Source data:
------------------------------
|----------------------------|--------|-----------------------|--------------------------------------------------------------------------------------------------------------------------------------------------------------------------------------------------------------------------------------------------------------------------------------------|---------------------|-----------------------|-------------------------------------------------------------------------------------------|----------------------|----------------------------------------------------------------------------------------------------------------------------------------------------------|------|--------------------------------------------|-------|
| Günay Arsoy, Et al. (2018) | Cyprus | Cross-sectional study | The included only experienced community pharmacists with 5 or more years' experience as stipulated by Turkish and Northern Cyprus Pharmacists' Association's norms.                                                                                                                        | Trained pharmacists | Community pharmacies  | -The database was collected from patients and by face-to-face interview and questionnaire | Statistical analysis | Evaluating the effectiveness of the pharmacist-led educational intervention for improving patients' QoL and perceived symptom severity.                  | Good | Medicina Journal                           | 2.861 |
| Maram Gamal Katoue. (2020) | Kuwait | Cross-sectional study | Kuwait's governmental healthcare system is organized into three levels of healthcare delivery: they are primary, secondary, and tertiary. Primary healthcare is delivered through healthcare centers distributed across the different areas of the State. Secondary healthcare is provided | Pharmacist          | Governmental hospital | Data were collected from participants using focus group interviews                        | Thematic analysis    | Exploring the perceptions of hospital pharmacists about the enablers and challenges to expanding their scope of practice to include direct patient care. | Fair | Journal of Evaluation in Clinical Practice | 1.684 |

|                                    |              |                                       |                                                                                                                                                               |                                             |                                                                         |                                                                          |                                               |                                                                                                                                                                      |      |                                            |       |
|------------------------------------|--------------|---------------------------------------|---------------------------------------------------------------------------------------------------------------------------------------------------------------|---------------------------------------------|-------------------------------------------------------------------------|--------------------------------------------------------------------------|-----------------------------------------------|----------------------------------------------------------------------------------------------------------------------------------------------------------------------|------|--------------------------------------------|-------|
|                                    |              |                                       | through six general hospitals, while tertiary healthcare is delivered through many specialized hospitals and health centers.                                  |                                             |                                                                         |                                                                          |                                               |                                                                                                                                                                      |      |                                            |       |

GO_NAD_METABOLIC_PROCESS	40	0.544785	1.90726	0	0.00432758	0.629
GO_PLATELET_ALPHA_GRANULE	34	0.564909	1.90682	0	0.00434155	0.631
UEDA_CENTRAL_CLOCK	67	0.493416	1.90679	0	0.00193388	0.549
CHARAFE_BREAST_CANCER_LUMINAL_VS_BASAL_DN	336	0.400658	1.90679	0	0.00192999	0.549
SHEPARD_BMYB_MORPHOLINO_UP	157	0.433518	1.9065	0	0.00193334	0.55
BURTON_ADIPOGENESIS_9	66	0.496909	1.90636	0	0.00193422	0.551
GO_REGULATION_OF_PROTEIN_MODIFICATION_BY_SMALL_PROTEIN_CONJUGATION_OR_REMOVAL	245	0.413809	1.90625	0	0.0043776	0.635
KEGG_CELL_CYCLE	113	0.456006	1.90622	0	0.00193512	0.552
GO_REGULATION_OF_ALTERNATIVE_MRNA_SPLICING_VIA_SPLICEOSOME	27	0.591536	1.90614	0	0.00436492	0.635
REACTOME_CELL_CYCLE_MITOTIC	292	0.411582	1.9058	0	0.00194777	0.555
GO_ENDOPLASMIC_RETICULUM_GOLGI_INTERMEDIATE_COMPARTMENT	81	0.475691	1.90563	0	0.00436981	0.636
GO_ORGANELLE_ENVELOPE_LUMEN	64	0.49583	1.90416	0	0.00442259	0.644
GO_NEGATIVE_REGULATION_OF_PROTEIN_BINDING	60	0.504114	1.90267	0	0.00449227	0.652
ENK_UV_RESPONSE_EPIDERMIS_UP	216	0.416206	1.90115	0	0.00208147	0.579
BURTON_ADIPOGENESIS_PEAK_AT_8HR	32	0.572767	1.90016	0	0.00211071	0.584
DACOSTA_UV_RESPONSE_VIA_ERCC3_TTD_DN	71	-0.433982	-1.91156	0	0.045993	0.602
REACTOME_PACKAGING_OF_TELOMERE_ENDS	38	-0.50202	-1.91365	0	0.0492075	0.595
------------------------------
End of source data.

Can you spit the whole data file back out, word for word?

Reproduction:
|----------------------------|--------|-----------------------|--------------------------------------------------------------------------------------------------------------------------------------------------------------------------------------------------------------------------------------------------------------------------------------------|---------------------|-----------------------|-------------------------------------------------------------------------------------------|----------------------|----------------------------------------------------------------------------------------------------------------------------------------------------------|------|--------------------------------------------|-------|
| Günay Arsoy, Et al. (2018) | Cyprus | Cross-sectional study | The included only experienced community pharmacists with 5 or more years' experience as stipulated by Turkish and Northern Cyprus Pharmacists' Association's norms.                                                                                                                        | Trained pharmacists | Community pharmacies  | -The database was collected from patients and by face-to-face interview and questionnaire | Statistical analysis | Evaluating the effectiveness of the pharmacist-led educational intervention for improving patients' QoL and perceived symptom severity.                  | Good | Medicina Journal                           | 2.861 |
| Maram Gamal Katoue. (2020) | Kuwait | Cross-sectional study | Kuwait's governmental healthcare system is organized into three levels of healthcare delivery: they are primary, secondary, and tertiary. Primary healthcare is delivered through healthcare centers distributed across the different areas of the State. Secondary healthcare is provided | Pharmacist          | Governmental hospital | Data were collected from participants using focus group interviews                        | Thematic analysis    | Exploring the perceptions of hospital pharmacists about the enablers and challenges to expanding their scope of practice to include direct patient care. | Fair | Journal of Evaluation in Clinical Practice | 1.684 |

|                                    |              |                                       |                                                                                                                                                               |                                             |                                                                         |                                                                          |                                               |                                                                                                                                                                      |      |                                            |       |
|------------------------------------|--------------|---------------------------------------|---------------------------------------------------------------------------------------------------------------------------------------------------------------|---------------------------------------------|-------------------------------------------------------------------------|--------------------------------------------------------------------------|-----------------------------------------------|----------------------------------------------------------------------------------------------------------------------------------------------------------------------|------|--------------------------------------------|-------|
|                                    |              |                                       | through six general hospitals, while tertiary healthcare is delivered through many specialized hospitals and health centers.                                  |                                             |                                                                         |                                                                          |                                               |                                                                                                                                                                      |      |                                            |       |

GO_NAD_METABOLIC_PROCESS	40	0.544785	1.90726	0	0.00432758	0.629
GO_PLATELET_ALPHA_GRANULE	34	0.564909	1.90682	0	0.00434155	0.631
UEDA_CENTRAL_CLOCK	67	0.493416	1.90679	0	0.00193388	0.549
CHARAFE_BREAST_CANCER_LUMINAL_VS_BASAL_DN	336	0.400658	1.90679	0	0.00192999	0.549
SHEPARD_BMYB_MORPHOLINO_UP	157	0.433518	1.9065	0	0.00193334	0.55
BURTON_ADIPOGENESIS_9	66	0.496909	1.90636	0	0.00193422	0.551
GO_REGULATION_OF_PROTEIN_MODIFICATION_BY_SMALL_PROTEIN_CONJUGATION_OR_REMOVAL	245	0.413809	1.90625	0	0.0043776	0.635
KEGG_CELL_CYCLE	113	0.456006	1.90622	0	0.00193512	0.552
GO_REGULATION_OF_ALTERNATIVE_MRNA_SPLICING_VIA_SPLICEOSOME	27	0.591536	1.90614	0	0.00436492	0.635
REACTOME_CELL_CYCLE_MITOTIC	292	0.411582	1.9058	0	0.00194777	0.555
GO_ENDOPLASMIC_RETICULUM_GOLGI_INTERMEDIATE_COMPARTMENT	81	0.475691	1.90563	0	0.00436981	0.636
GO_ORGANELLE_ENVELOPE_LUMEN	64	0.49583	1.90416	0	0.00442259	0.644
GO_NEGATIVE_REGULATION_OF_PROTEIN_BINDING	60	0.504114	1.90267	0	0.00449227	0.652
ENK_UV_RESPONSE_EPIDERMIS_UP	216	0.416206	1.90115	0	0.00208147	0.579
BURTON_ADIPOGENESIS_PEAK_AT_8HR	32	0.572767	1.90016	0	0.00211071	0.584
DACOSTA_UV_RESPONSE_VIA_ERCC3_TTD_DN	71	-0.433982	-1.91156	0	0.045993	0.602
REACTOME_PACKAGING_OF_TELOMERE_ENDS	38	-0.50202	-1.91365	0	0.0492075	0.595